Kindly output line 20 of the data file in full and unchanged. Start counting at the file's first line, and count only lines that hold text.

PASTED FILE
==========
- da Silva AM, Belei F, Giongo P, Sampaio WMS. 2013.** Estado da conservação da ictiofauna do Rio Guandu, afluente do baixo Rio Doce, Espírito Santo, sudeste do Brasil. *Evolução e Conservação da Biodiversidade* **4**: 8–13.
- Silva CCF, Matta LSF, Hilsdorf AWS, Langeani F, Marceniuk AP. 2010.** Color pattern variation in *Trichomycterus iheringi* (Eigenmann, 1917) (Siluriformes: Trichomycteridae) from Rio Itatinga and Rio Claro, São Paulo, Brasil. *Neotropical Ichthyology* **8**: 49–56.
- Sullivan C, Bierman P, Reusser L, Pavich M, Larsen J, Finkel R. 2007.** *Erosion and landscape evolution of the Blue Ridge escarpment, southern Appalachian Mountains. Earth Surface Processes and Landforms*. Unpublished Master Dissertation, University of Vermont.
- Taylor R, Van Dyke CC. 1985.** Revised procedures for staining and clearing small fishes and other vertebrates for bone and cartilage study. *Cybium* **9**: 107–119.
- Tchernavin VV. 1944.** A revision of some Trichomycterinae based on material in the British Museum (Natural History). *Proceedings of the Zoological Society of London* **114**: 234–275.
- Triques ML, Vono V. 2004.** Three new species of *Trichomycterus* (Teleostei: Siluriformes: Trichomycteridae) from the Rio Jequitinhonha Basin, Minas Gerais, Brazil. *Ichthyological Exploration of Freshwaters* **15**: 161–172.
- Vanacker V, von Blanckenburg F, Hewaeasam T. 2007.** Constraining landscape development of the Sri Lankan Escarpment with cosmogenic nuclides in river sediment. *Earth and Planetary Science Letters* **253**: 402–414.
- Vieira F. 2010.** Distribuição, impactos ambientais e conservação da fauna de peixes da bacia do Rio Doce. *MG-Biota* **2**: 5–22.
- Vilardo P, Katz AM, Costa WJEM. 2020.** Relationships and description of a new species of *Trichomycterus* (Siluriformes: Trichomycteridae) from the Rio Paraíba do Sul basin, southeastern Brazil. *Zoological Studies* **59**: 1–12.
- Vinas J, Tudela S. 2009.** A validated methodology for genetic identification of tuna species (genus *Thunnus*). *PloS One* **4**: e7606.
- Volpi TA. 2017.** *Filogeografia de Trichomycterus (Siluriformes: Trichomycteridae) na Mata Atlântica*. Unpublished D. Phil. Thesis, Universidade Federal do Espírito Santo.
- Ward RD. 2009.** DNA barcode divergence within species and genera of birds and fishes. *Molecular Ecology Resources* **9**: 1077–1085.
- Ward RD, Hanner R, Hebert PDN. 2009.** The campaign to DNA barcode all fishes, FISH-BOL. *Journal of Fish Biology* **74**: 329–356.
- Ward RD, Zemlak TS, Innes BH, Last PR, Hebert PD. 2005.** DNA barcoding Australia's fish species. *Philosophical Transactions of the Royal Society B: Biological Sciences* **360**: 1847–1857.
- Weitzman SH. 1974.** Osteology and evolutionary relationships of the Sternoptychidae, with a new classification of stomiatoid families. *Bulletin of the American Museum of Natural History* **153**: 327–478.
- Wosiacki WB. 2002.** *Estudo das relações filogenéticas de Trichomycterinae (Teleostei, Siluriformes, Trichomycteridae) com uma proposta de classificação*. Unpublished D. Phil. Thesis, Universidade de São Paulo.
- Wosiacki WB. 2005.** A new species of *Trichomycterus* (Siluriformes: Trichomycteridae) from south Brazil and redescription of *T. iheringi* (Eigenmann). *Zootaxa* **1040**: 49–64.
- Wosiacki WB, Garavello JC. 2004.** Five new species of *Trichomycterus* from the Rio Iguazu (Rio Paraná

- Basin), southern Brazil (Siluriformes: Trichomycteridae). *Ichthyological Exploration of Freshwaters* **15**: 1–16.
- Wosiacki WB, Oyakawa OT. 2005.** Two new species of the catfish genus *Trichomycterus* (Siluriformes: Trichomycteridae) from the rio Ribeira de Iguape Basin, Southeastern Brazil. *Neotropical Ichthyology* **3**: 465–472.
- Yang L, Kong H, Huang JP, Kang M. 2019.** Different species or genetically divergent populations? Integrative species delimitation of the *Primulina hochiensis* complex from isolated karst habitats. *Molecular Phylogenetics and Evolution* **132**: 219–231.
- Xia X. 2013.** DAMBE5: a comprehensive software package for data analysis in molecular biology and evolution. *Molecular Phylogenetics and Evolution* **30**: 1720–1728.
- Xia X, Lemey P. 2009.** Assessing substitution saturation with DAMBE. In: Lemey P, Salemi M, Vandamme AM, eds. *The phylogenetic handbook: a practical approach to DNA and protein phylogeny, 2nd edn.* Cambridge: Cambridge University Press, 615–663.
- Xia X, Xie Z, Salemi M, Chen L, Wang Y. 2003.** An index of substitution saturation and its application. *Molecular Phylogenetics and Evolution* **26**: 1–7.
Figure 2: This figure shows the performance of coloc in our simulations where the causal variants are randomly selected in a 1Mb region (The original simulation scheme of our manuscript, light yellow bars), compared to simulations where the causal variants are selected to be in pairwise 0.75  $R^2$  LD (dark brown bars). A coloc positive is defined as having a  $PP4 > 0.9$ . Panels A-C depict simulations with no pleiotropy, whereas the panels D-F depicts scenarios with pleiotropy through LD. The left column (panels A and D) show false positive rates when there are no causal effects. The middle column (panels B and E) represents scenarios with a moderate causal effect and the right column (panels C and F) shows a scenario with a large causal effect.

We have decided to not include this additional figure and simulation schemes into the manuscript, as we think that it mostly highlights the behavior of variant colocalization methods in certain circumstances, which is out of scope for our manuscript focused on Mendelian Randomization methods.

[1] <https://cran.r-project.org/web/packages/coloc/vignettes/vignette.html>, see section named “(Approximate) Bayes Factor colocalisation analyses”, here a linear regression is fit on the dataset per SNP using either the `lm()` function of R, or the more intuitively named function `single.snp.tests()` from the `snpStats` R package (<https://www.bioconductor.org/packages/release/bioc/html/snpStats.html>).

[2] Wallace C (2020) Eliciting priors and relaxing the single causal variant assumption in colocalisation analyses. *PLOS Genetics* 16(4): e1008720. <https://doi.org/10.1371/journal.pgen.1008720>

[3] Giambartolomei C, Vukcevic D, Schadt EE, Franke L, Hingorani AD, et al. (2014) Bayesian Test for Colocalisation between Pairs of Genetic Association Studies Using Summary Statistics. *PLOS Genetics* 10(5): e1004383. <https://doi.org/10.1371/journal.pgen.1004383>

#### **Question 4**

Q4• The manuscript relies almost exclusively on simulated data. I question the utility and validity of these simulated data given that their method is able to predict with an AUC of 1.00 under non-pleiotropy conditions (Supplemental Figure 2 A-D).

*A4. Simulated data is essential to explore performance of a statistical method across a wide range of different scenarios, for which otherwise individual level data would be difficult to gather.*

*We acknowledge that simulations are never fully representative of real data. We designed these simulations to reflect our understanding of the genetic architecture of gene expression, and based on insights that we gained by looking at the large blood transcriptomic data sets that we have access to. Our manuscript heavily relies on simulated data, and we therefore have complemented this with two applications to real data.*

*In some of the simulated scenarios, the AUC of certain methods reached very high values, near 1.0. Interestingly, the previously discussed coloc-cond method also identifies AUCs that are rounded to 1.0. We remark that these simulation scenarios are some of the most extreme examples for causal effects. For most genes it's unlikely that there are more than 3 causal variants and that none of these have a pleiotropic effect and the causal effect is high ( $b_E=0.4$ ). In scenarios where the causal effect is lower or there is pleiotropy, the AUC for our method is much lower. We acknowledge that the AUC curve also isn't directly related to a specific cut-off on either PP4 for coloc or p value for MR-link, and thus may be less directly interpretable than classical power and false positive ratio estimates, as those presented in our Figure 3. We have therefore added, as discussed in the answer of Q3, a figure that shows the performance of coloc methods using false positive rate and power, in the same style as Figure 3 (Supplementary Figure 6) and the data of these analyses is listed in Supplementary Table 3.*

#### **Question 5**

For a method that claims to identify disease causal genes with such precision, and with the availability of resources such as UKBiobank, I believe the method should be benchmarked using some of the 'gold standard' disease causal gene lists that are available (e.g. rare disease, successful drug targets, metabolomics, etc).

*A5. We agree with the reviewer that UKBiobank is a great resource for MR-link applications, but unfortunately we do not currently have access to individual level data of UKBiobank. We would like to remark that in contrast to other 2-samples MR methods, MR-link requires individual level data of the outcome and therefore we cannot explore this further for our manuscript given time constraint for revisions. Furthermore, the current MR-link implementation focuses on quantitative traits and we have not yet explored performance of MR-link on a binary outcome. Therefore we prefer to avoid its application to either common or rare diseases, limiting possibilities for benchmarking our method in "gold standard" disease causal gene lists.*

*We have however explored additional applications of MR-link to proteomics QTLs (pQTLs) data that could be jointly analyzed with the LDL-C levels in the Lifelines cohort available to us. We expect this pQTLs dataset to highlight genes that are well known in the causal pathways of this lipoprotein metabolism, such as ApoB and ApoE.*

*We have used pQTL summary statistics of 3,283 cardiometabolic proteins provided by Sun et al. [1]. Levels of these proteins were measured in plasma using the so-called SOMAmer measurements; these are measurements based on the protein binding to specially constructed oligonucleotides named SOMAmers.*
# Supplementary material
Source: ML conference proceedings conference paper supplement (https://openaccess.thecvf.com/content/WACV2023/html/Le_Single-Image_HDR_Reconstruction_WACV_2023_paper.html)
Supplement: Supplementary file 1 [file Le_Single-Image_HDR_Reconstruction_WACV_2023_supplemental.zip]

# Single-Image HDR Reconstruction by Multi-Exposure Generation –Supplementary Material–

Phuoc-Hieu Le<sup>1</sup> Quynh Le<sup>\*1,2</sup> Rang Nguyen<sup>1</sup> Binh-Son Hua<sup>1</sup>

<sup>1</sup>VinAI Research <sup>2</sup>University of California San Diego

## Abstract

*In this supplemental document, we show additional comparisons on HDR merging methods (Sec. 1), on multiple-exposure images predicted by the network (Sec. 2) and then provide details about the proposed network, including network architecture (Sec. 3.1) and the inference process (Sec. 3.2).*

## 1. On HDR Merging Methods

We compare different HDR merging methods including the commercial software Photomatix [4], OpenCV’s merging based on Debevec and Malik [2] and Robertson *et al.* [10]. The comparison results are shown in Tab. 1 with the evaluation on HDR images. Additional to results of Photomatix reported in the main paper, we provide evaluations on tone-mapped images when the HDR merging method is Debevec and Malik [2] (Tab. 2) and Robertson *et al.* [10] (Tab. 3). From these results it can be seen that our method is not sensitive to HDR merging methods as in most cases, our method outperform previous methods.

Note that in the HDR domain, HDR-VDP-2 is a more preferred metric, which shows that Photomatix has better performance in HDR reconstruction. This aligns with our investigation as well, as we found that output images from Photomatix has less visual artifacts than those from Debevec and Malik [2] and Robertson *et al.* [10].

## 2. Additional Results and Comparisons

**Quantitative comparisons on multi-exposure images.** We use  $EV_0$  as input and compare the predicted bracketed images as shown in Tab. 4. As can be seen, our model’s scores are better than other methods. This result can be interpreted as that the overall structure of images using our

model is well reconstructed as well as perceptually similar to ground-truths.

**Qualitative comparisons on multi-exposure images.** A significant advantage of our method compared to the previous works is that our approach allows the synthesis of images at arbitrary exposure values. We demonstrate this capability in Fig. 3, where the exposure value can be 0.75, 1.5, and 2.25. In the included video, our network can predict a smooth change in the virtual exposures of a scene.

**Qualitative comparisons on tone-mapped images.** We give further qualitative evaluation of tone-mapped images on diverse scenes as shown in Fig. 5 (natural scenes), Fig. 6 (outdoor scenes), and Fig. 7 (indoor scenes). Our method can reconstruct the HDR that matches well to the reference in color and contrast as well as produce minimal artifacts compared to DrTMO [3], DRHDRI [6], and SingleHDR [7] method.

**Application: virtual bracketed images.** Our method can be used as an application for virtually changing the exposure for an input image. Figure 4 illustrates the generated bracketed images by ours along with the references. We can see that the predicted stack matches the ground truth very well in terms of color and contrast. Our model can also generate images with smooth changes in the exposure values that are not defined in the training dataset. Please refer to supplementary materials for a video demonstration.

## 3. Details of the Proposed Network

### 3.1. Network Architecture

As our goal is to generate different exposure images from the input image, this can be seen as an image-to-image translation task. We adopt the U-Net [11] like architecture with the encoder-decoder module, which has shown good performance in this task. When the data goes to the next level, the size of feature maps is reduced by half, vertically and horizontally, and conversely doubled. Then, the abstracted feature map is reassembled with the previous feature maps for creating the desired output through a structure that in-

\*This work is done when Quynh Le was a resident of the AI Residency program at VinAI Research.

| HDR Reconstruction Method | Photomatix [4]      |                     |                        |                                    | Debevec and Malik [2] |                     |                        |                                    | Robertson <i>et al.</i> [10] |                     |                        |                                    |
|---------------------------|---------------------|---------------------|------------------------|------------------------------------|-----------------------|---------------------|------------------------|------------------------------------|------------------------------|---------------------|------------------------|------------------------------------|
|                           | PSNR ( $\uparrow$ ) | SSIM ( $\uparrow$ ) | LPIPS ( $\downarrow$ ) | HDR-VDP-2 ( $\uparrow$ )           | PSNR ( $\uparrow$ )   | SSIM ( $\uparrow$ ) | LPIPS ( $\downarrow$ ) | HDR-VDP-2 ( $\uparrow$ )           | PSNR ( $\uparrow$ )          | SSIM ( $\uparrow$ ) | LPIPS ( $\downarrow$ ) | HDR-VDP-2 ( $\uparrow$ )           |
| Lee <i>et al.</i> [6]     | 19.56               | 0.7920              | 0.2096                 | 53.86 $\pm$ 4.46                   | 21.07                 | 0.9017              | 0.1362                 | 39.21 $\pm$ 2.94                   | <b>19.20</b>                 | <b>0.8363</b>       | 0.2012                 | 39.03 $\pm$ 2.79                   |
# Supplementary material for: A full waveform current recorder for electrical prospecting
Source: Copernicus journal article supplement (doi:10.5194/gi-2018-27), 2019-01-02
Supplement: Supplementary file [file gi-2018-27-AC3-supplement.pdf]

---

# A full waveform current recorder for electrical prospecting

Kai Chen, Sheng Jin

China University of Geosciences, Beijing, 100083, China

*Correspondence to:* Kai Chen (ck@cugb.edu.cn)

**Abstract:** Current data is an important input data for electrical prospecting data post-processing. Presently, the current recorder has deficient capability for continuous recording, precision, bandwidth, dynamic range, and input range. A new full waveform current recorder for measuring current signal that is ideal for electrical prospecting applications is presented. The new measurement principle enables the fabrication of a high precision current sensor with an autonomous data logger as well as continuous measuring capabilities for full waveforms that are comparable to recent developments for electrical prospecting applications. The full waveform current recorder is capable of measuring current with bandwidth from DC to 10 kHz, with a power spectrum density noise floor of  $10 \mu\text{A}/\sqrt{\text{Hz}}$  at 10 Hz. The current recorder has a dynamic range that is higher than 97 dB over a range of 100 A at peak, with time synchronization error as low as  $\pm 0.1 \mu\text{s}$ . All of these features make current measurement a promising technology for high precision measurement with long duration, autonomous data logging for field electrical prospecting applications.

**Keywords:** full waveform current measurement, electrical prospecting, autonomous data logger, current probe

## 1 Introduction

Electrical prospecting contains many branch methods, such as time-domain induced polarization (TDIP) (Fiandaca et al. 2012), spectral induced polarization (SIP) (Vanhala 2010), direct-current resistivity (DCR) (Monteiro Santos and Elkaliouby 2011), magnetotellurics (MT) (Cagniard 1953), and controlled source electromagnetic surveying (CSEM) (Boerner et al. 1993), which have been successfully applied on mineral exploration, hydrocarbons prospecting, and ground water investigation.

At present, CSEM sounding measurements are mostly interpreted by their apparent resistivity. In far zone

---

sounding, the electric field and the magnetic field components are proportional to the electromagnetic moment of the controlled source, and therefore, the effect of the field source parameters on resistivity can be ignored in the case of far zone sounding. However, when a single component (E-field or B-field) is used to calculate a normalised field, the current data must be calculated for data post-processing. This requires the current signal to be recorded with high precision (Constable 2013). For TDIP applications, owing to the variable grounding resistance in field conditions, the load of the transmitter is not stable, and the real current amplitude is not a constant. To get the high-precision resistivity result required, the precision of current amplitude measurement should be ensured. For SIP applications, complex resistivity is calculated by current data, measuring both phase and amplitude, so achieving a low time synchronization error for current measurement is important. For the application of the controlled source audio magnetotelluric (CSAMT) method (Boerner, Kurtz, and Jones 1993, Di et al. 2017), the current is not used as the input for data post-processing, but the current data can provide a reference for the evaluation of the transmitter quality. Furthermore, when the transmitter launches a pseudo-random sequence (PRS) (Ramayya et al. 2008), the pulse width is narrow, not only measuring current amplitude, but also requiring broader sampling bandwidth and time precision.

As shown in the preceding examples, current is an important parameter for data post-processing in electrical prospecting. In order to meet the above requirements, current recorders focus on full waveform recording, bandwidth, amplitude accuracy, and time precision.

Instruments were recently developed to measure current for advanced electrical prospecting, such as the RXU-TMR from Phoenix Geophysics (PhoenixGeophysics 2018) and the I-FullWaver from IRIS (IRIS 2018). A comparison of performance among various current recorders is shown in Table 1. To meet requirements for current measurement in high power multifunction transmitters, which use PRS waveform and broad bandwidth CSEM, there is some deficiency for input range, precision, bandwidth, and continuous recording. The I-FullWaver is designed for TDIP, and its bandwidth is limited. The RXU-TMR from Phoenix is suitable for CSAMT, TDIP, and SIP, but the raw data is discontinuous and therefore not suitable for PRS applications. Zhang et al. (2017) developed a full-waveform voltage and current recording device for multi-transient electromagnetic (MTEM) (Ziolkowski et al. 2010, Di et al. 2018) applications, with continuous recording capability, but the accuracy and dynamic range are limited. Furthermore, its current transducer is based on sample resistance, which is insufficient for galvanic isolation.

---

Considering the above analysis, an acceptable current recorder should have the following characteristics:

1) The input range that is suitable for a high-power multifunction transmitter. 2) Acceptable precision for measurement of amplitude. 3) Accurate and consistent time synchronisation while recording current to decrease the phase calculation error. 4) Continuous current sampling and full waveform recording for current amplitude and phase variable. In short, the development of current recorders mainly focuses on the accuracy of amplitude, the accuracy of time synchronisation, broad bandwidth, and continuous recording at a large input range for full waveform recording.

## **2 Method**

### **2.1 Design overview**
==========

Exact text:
- Wosiacki WB, Oyakawa OT. 2005.** Two new species of the catfish genus *Trichomycterus* (Siluriformes: Trichomycteridae) from the rio Ribeira de Iguape Basin, Southeastern Brazil. *Neotropical Ichthyology* **3**: 465–472.